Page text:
World Cup results[edit]

All results are sourced from the International Bobsleigh and Skeleton Federation (IBSF).[2]

Season 1 2 3 4 5 6 7 8 9 Points Place
2012–13 LKP
PKC
WHI
WIN
10
LPL
ALT
KON
12
IGL
1
SOC
5
681 18th
2013–14 CAL
2
PKC
6
LKP1
22
LKP2
20
WIN
11
STM
14
IGL
6
KON
N/A 934 13th
2014–15 LKP
CAL
ALT
KON
3
STM
17
IGL1
12
IGL2
9
SOC
N/A 696 17th
2015–16 ALT
6
WIN
13
KON1
12
LKP
PKC
WHI
STM
12
KON2
N/A 552 18th
2016–17 WHI
17
LKP
18
ALT
WIN
18
STM
20
KON
16
IGL
4
PYE
2
N/A 814 14th
2017–18 LKP
4
PKC
1
WHI
WIN
3
IGL
1
ALT
5
STM
7
KON
14
N/A 1306 4th
2018–19 SIG
1
WIN
4
ALT
1
KON
CNX
IGL
2
STM
2
LKP
1
CAL1
4
CAL2
5
1663 1st

References[edit]

  1. ^ http://www.rusbob.ru/files/spisok_kandidatov_v_sbornuyu_russia_2011_2012.pdf
  2. ^ a b c d e "Elena NIKITINA". International Bobsleigh and Skeleton Federation. Retrieved 2018-01-04.
  3. ^ "Junior World Championship (Innsbruck) (Women's skeleton)". International Bobsleigh and Skeleton Federation. 16 December 2012. Retrieved 2018-01-04.
  4. ^ "BMW IBSF World Cup (Innsbruck) (Women's skeleton)". International Bobsleigh and Skeleton Federation. 18 January 2013. Retrieved 2018-01-04.
  5. ^ "BMW IBSF World Cup (Pyeongchang) (Women's skeleton)". International Bobsleigh and Skeleton Federation. 17 March 2017. Retrieved 2018-01-04.
  6. ^ "BMW IBSF World Cup: World Champion Lölling wins skeleton finale and overall World Cup" (press release). International Bobsleigh and Skeleton Federation. 17 March 2017. Retrieved 2018-01-04.
  7. ^ Stahlhacke, Angela (13 December 2017). "Media Guide Athletes: Skeleton — Innsbruck (AUT)" (PDF). International Bobsleigh and Skeleton Federation. Retrieved 2017-12-18.
  8. ^ Никитина стала первой российской скелетонисткой, выигравшей Большой хрустальный глобус
  9. ^ "IBSF lifts the Provisional Suspension of Four Russian Skeleton Athletes after Hearing" (press release). International Bobsleigh and Skeleton Federation. 8 January 2017. Retrieved 2018-01-04.
  10. ^ IOC Disciplinary Commission (22 November 2017). "Decision issued by the IOC Disciplinary Commission in the proceedings between the International Olympic Committee and Elena Nikitina (SML–008)" (PDF). International Olympic Committee. Retrieved 2018-01-04.
  11. ^ "IBSF Hearing Panel decides the provisionally suspension on several Russian athletes and officials must be lifted" (Press release). International Bobsleigh and Skeleton Federation. 1 December 2017. Retrieved 2018-01-04.
  12. ^ "22 Russian athletes file appeals at the Court of Arbitration for Sport (CAS)" (PDF) (Press release). Court of Arbitration for Sport. 6 December 2017. Retrieved 2018-01-04.
  13. ^ "The Court of Arbitration for Sport (CAS) does not have jurisdiction to entertain the appeal filed by the International Bobsleigh and Skeleton Federation (IBSF)" (PDF) (Press release). Court of Arbitration for Sport. 4 January 2018. Retrieved 2018-01-04.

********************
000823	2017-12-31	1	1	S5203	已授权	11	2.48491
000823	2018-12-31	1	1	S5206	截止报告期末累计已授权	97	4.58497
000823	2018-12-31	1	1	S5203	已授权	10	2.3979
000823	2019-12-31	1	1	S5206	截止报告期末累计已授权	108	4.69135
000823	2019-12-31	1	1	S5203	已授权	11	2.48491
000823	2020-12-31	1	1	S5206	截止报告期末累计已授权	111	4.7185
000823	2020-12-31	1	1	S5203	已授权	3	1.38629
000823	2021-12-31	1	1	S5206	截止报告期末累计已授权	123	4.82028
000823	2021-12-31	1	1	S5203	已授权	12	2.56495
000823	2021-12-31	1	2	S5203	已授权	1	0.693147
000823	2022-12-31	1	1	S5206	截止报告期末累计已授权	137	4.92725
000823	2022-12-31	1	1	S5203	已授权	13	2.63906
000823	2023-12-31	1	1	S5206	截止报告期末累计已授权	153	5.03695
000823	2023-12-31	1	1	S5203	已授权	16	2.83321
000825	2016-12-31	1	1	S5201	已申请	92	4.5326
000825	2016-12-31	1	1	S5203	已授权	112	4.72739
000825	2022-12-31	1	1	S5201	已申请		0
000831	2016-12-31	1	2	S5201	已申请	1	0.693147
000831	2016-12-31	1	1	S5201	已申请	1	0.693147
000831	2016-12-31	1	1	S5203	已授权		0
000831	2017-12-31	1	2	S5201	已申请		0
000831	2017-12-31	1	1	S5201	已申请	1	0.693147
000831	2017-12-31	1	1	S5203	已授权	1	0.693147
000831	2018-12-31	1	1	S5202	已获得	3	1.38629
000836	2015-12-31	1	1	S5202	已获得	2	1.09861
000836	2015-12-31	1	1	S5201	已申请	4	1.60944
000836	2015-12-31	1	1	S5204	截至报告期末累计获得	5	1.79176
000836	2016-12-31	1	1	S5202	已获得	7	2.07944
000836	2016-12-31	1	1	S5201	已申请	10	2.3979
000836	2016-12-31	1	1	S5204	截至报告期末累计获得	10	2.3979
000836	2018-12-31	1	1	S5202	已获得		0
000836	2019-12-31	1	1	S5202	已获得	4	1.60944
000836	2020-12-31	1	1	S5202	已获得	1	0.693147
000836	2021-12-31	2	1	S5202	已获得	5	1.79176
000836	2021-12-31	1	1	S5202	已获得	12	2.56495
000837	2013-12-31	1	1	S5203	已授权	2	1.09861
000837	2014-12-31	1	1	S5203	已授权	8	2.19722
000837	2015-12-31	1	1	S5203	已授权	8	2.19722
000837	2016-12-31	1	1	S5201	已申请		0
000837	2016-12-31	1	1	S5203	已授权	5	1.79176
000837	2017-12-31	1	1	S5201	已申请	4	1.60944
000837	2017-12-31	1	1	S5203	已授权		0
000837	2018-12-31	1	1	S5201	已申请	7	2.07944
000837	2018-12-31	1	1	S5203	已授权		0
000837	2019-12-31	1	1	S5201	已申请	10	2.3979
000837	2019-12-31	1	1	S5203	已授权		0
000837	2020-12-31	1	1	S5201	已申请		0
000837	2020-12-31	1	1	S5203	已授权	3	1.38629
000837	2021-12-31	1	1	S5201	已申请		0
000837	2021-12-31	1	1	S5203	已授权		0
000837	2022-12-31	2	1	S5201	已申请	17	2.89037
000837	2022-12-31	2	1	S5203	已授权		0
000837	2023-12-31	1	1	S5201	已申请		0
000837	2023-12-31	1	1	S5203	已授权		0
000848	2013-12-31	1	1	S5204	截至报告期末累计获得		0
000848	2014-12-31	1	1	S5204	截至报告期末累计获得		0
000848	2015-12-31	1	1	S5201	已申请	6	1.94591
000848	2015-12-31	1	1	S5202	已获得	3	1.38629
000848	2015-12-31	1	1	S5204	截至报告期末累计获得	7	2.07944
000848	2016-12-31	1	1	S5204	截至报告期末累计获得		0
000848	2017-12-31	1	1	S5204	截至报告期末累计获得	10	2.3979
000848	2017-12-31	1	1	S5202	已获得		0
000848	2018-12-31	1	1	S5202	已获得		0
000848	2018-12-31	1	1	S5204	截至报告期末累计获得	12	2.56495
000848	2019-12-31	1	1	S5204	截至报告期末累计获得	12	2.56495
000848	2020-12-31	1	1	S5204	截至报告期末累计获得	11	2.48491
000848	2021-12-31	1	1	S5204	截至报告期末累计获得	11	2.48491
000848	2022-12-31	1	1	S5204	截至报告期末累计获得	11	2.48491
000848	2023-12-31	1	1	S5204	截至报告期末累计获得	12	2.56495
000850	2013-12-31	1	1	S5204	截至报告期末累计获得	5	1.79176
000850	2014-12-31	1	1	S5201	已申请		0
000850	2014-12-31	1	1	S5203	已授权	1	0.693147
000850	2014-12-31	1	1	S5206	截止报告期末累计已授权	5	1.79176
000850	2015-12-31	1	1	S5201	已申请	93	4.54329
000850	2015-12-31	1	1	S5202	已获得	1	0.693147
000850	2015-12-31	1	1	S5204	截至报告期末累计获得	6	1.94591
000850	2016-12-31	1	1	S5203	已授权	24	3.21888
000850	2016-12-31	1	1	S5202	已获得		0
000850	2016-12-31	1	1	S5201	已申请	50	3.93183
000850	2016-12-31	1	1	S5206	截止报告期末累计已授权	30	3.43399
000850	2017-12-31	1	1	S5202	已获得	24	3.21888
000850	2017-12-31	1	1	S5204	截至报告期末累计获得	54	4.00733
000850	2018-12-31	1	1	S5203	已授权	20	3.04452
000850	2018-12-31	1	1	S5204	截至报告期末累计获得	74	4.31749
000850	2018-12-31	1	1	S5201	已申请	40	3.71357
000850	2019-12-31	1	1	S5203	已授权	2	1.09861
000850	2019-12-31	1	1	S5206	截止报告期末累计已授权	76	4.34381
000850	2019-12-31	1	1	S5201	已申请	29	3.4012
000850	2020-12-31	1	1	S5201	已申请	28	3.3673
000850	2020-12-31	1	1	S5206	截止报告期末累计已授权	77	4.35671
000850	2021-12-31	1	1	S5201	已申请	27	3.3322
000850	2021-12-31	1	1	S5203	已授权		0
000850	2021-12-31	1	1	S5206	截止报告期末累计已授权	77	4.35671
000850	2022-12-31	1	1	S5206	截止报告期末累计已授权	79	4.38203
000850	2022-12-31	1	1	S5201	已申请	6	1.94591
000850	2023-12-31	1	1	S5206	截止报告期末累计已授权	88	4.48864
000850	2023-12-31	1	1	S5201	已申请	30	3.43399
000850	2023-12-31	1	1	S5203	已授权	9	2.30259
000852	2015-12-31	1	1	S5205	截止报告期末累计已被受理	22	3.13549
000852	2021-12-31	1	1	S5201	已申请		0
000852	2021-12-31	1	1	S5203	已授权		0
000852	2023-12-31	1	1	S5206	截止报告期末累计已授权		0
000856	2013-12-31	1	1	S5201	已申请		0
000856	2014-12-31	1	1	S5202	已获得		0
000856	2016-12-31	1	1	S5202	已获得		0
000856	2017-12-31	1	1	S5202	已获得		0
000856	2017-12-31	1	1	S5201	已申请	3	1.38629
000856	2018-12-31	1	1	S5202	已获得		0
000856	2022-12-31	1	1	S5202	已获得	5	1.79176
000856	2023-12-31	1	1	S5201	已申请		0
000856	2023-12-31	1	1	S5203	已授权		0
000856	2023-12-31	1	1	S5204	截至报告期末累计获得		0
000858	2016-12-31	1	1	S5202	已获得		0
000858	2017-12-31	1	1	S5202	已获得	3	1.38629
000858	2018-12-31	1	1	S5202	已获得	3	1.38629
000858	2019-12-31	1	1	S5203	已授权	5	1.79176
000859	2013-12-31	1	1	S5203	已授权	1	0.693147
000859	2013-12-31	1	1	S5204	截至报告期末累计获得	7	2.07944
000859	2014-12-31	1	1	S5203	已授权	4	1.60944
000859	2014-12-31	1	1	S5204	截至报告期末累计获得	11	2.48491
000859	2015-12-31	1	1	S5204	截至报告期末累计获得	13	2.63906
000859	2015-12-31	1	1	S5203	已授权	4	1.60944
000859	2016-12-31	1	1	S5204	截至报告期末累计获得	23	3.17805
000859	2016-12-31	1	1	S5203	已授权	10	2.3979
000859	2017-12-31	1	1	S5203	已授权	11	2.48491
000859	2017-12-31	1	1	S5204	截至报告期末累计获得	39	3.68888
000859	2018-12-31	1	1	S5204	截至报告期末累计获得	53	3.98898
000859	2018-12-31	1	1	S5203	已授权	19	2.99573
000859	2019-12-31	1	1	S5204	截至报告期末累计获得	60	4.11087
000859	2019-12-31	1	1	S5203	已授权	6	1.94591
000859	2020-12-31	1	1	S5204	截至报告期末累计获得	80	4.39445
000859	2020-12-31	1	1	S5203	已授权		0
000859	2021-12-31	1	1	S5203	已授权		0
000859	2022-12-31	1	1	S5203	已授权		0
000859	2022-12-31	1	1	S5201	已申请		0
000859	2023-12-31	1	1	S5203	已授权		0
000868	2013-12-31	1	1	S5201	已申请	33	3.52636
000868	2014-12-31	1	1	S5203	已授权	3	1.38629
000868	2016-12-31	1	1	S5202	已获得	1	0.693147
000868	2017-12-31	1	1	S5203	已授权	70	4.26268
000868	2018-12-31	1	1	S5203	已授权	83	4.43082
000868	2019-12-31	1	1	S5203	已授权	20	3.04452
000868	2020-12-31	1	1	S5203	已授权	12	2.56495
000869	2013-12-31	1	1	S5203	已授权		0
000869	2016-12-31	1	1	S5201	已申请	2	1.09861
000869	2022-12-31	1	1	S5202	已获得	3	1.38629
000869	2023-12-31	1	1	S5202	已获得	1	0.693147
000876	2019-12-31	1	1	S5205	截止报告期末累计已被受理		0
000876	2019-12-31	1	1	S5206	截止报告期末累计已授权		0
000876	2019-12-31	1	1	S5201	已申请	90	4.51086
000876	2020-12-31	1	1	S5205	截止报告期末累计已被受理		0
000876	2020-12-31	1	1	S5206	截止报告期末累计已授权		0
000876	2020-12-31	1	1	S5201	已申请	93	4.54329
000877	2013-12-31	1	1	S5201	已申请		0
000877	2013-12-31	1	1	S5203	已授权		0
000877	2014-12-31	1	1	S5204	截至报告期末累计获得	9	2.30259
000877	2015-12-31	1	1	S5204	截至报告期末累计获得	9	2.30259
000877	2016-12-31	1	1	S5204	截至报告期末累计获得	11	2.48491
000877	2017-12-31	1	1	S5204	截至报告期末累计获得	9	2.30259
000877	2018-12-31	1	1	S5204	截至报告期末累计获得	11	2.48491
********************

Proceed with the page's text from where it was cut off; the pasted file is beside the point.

14. ^ "The Court of Arbitration for Sport (CAS) delivers its decisions in the matter of 39 Russian athletews v/ the IOC: 28 appeals upheld, 11 partially upheld" (PDF) (Press release). Court of Arbitration for Sport. 1 February 2018. Retrieved 2018-02-01. Both CAS panels unanimously found that the evidence put forward by the IOC in relation to this matter did not have the same weight in each individual case. In 28 cases, the evidence collected was found to be insufficient to establish that an anti-doping rule violation (ADRV) was committed by the athletes concerned. With respect to these 28 athletes, the appeals are upheld, the sanctions annulled and their individual results achieved in Sochi 2014 are reinstated.
  15. ^ "IOC Statement on CAS Decision" (Press release). 1 February 2018. Retrieved 2018-02-01. The result of the CAS decision does not mean that athletes from the group of 28 will be invited to the Games. Not being sanctioned does not automatically confer the privilege of an invitation.
  16. ^ Bauerfeind, Raik (28 January 2018). "XXIII Olympic Winter Games PyeongChang 2018 Skeleton – Participation" (PDF). International Bobsleigh and Skeleton Federation. Retrieved 2018-02-01.
  17. ^ "CAS OG 18/03 Alexander Legkov et al.v. International Olympic Committee" (PDF). Court of Arbitration for Sport. 9 February 2018. Retrieved 2018-02-19. The Panel appreciates the distress and disappointment expressed by the Applicants present at the hearing about their loss of opportunity to participate at the OWG 2018, particularly because they believe the CAS decisions issued 1 February 2018 proved that they were not “cheaters”. As this Panel has noted, we are only deciding whether the process implemented by the IOC, in circumstances where the ROC was suspended and has failed to rebut the evidence of systemic manipulation of the anti-doping rules and system in Russia, was permissible and provided a fair opportunity for some athletes to be offered an opportunity to participate at the Games. The Panel has determined that the process, while it may have been imperfect due to time constraints, was appropriate, independent and fairly carried out.

External links[edit]